NID works to restore English Meadow |

NID works to restore English Meadow

Trina Kleist
Special to The Union
Leslie Mink, of Quincy-based Plumas Corp., works with Nevada Irrigation District to develop a plan to restore the natural connection between the Middle Yuba River and English Meadow, here, which straddles the river about 30 miles northeast of Nevada City.
Submitted photos by Nevada Irrigation District |

Just east of English Mountain, the Middle Yuba River rolls through English Meadow on its way into Jackson Meadows Reservoir. A project by Nevada Irrigation District to restore this meadow is expected to improve habitat for plants and animals — and water supply for humans.

In this broad valley, mountain lions hunt deer and bears feed on fish. Goshawks screech “Ki ki ki ki ki!” as they soar, migratory cranes find rest, and western chorus frogs thrive. Even in summer, the water is “hurt-your-feet cold,” laughs Neysa King, NID watershed resources planner.

King is keen on this place for more than its scenery. Meadows have spongy soils that absorb rain, snowmelt and floodwaters, store it all summer, then release that water in the fall — cold, clear liquid that feeds waterways long after rains have stopped.

King leads the NID project to restore English Meadow. Research shows that, by reducing the steepness of the riverbanks and building structures akin to beaver dams, the Middle Yuba could reconnect with its floodplain and the meadow. The ground would absorb snowmelt as floodwaters flow and percolate through the soil. Shallow groundwater would rise.

“In summer, the Middle Yuba is dry up there. There are random pools, but they’re not connected at the surface.”— NID Watershed Resources Planner Neysa King

When the natural connection between the river and surrounding meadow is restored, “more water stays in the system, and it stays longer,” instead of pulsing out in a rush when the snow melts, King said.

Then, in the fall, the meadow would release that clean water into the Middle Yuba and Jackson Meadows Reservoir downstream. Farther downhill, that water would nourish NID’s customers in three counties, slaking an estimated 95,000 people and supporting $98 million in agriculture, according to NID calculations.

Restoration also would reduce sediment flowing into Jackson Meadows Reservoir, saving water storage capacity there, King added.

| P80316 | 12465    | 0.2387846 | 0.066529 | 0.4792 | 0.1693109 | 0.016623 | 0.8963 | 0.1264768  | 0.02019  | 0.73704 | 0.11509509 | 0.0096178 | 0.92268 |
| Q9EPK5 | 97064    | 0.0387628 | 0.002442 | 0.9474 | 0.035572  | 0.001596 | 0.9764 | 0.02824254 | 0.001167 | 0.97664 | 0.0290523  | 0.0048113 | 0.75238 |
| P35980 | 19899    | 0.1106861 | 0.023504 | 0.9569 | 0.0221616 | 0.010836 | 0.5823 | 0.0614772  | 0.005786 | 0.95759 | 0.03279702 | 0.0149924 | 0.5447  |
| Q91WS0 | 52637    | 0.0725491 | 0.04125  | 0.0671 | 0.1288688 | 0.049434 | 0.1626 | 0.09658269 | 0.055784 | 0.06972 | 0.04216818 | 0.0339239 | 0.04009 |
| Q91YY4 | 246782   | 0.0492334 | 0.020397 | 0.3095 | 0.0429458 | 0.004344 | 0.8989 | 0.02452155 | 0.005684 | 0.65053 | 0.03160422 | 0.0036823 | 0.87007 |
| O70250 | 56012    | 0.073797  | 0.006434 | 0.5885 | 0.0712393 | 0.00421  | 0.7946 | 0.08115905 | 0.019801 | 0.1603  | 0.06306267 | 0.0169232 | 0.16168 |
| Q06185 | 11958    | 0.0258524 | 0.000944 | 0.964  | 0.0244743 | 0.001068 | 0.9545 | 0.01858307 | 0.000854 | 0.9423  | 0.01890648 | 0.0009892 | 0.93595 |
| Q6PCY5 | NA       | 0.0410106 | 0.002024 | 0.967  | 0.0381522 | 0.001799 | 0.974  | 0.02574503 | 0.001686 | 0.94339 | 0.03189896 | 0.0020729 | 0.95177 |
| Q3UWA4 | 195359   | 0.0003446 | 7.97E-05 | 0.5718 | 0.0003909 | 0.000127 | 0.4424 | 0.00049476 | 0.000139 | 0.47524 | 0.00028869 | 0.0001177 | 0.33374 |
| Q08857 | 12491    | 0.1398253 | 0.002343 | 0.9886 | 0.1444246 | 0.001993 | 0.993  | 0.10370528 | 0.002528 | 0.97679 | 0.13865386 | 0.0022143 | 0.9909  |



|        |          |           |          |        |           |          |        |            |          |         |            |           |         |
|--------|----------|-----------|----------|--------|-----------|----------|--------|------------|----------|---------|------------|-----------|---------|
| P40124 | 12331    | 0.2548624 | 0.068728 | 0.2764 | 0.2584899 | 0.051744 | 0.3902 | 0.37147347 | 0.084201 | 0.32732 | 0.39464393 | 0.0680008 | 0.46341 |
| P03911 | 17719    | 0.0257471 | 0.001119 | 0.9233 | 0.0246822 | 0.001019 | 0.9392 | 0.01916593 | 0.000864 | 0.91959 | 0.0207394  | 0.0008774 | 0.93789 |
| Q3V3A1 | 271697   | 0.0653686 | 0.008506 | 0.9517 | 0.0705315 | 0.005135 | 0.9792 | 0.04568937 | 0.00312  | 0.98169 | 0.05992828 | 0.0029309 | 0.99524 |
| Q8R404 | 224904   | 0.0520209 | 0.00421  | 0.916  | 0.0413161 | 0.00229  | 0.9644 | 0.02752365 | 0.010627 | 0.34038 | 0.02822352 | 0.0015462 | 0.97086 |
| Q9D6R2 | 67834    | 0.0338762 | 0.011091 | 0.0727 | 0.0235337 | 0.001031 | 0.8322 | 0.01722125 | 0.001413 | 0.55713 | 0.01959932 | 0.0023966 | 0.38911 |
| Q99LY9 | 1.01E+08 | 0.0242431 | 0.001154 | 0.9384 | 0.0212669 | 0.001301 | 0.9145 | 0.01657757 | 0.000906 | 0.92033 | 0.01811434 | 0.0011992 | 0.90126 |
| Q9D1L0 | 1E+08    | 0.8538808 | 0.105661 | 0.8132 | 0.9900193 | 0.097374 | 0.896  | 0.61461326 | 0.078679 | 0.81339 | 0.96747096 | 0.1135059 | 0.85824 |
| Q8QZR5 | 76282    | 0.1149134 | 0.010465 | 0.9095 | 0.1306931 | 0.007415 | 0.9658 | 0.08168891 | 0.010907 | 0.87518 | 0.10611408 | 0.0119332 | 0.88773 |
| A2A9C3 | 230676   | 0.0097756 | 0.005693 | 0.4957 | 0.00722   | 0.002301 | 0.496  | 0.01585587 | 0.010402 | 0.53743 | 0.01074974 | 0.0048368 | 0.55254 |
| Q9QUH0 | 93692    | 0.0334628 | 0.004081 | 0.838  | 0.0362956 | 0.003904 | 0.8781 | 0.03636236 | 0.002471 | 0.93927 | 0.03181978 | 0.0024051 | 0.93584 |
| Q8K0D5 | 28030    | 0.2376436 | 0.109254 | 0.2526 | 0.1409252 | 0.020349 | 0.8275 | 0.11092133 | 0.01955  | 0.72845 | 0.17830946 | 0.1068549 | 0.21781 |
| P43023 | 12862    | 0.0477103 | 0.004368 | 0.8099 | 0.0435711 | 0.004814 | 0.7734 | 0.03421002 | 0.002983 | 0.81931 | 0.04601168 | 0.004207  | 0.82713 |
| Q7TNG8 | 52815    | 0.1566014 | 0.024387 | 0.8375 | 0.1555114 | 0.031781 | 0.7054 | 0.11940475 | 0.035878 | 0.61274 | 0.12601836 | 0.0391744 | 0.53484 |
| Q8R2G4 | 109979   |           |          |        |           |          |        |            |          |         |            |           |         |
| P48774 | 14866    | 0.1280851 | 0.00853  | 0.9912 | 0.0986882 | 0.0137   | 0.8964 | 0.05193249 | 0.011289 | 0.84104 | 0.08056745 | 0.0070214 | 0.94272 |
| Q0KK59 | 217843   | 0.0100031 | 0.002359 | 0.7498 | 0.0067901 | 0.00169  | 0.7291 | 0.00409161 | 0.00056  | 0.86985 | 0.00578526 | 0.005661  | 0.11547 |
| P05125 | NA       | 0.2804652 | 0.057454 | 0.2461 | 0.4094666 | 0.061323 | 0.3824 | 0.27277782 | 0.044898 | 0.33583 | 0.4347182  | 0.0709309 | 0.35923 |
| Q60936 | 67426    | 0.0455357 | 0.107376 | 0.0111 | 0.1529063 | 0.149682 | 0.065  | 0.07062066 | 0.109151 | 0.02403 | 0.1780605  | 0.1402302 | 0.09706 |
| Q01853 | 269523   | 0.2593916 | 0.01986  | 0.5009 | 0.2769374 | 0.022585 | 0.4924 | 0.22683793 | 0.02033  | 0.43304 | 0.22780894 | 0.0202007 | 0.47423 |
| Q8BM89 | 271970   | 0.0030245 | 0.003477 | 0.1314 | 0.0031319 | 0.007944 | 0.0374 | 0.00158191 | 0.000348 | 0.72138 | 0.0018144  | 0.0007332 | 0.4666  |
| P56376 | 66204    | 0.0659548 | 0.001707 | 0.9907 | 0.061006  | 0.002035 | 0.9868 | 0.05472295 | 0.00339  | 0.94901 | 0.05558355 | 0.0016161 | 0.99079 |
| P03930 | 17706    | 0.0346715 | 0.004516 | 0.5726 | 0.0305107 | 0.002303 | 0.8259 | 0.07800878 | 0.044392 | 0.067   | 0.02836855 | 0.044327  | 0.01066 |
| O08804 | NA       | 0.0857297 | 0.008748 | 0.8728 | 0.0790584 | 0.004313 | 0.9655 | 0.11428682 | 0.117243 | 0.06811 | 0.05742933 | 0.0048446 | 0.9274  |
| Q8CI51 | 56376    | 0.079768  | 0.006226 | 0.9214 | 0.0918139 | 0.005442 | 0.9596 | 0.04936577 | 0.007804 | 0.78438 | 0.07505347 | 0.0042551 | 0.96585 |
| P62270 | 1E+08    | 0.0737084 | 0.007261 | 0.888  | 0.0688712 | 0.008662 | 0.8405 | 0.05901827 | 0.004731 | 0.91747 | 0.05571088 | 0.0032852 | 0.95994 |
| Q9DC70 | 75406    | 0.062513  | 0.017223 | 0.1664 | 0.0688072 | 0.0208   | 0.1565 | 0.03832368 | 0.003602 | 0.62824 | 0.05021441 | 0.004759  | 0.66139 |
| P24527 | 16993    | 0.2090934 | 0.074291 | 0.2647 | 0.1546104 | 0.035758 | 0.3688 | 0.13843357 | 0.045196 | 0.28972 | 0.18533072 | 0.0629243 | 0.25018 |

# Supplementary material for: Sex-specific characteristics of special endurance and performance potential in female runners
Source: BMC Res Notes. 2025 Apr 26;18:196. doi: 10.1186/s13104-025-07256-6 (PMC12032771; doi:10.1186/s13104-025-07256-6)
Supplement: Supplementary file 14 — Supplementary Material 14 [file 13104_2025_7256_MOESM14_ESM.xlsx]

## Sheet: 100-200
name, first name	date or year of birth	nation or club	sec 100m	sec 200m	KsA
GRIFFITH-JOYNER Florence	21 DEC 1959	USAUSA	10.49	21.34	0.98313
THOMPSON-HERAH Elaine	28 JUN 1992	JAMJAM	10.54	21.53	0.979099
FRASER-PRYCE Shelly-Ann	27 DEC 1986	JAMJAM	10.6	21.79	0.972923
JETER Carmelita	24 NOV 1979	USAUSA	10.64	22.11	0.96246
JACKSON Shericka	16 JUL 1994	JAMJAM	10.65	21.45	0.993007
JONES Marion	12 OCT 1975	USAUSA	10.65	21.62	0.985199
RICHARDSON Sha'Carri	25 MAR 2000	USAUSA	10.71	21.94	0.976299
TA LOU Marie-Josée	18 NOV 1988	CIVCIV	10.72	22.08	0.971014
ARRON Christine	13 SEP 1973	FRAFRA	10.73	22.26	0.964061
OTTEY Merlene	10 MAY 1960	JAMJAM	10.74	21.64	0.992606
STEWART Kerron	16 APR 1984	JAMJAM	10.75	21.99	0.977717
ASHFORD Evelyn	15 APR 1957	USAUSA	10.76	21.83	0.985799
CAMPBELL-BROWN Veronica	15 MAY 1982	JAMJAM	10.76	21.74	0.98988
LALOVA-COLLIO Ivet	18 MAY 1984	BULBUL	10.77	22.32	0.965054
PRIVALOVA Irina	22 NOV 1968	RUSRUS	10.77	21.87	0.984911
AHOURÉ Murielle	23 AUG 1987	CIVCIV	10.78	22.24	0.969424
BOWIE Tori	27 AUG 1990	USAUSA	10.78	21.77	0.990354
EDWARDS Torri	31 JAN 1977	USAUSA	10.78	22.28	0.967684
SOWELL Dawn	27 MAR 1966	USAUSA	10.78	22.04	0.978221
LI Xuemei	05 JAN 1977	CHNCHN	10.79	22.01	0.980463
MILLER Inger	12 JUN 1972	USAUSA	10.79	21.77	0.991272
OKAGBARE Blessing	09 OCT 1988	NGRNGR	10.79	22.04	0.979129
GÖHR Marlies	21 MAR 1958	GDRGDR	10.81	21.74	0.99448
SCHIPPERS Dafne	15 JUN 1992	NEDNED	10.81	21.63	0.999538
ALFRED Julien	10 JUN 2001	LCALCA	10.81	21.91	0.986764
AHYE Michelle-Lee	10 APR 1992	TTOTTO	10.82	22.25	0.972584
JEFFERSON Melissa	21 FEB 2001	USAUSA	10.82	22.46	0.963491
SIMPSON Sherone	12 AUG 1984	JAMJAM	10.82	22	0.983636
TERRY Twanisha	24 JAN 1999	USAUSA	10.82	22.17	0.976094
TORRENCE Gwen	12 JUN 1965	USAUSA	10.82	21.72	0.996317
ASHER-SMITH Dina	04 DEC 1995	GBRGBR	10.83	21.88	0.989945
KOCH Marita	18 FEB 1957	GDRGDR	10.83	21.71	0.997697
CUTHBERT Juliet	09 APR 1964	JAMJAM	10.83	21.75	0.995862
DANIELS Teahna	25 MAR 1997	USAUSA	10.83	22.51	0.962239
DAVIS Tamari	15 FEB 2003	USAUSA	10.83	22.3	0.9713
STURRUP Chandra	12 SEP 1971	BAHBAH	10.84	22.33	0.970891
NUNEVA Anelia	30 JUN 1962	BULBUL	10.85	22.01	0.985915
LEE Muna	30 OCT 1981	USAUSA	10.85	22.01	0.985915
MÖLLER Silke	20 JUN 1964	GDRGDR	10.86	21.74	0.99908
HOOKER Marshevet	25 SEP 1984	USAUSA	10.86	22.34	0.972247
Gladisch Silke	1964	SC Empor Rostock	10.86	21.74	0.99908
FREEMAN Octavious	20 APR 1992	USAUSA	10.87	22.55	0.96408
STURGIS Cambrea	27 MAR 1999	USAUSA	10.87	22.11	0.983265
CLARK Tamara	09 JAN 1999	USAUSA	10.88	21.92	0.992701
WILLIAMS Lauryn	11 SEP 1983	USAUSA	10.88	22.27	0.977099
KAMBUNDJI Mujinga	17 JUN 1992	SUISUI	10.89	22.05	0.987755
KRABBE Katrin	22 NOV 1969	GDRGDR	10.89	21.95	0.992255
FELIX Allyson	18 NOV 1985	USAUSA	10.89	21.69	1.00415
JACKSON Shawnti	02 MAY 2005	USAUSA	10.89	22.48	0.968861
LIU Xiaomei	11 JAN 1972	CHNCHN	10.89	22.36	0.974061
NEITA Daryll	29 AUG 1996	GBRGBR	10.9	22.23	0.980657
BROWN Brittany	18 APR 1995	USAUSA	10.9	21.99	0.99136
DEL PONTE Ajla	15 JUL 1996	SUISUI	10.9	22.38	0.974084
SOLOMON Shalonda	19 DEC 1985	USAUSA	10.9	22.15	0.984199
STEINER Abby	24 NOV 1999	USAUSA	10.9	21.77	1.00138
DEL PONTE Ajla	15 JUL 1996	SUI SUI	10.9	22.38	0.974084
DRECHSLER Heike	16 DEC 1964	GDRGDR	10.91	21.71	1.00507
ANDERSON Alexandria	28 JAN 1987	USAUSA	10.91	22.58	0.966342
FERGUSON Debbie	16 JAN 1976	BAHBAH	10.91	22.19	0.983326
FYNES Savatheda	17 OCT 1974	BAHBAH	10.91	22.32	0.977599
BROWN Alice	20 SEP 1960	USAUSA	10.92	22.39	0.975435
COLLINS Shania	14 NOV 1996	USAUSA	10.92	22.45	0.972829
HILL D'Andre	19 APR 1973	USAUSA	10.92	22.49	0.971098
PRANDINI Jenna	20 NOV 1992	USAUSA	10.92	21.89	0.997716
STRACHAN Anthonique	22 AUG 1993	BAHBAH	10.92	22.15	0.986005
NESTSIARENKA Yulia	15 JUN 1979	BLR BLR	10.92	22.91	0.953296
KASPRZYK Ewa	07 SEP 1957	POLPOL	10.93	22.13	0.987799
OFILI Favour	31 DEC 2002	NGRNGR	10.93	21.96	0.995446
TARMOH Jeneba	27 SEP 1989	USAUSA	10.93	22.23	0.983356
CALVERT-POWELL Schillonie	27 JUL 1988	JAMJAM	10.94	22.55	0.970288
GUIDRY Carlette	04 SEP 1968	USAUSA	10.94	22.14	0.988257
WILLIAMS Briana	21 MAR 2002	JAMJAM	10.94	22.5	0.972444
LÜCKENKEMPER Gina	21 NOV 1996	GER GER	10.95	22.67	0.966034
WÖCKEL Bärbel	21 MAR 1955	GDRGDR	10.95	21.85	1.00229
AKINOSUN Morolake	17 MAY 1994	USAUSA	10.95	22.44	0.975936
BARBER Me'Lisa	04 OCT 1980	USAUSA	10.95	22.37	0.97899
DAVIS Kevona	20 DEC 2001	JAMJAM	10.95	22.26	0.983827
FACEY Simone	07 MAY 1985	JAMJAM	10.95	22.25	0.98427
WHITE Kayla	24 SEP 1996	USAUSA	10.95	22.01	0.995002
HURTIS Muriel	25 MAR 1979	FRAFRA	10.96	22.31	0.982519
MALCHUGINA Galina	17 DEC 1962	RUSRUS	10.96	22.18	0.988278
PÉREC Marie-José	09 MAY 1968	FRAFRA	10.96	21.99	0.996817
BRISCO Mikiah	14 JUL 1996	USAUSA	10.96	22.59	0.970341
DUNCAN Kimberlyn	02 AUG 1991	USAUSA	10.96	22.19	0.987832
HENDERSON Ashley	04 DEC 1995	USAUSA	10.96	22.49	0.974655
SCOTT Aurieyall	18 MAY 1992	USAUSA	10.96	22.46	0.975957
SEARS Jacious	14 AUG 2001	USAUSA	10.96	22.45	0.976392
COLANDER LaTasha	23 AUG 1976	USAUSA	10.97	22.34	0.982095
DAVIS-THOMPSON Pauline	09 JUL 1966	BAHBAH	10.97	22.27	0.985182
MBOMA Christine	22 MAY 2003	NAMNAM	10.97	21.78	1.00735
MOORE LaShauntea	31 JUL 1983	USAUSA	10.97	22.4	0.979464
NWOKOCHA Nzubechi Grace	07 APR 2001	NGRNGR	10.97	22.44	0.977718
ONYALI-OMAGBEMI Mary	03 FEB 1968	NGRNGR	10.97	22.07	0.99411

Gold mines, cattle grazing

It took 160 years for English Meadow to get into this condition.

In 1857, a three-part dam was built across the canyon at the meadow’s northern end. Rudyard Reservoir — later known as English Reservoir — held nearly 4 billion gallons of water destined for hydraulic monitors in Malakoff Diggins, according to historical documents. In 1883, the central dam broke, and the reservoir drained.

In the 1960s, ranchers cut channels across the meadow and drained the land to expand grazing for cattle. That led to more water flowing more forcefully through the river’s main stem: It cut the banks and deepened the channel. The 170-acre meadow receives run-off from nearly 7,700 acres of watershed, but those floodwaters no longer spread out over the meadow, King said.

As a result, shallow groundwater beneath the meadow has dropped, and little remains in the fall to feed the river.

“In summer, the Middle Yuba is dry up there,” King said. “There are random pools, but they’re not connected at the surface.”

In summer 2017, researchers finished their second field season at English Meadow, collecting baseline data that will be used later to measure the project’s success. They logged water flowing in the river; sounded the meadow from topsoil to bedrock to estimate its storage potential; and surveyed wetland plants and flowers. Work will continue this summer.

Since 2000, NID has invested $125,000 into the project, which included the cutting of encroaching lodgepole pines. The next phase is expected to cost another $280,000, covering environmental review, project design and permits. To help fund that, King has applied for a $160,000 grant from the California Department of Fish and Wildlife.

Partners include researchers from California State University, Sacramento; Plumas Corp. in Quincy, Calif.; and the United States Forest Service.

Trina Kleist is a Grass Valley freelance writer whose clients include Nevada Irrigation District. She may be contacted at or 530- 575-6132.

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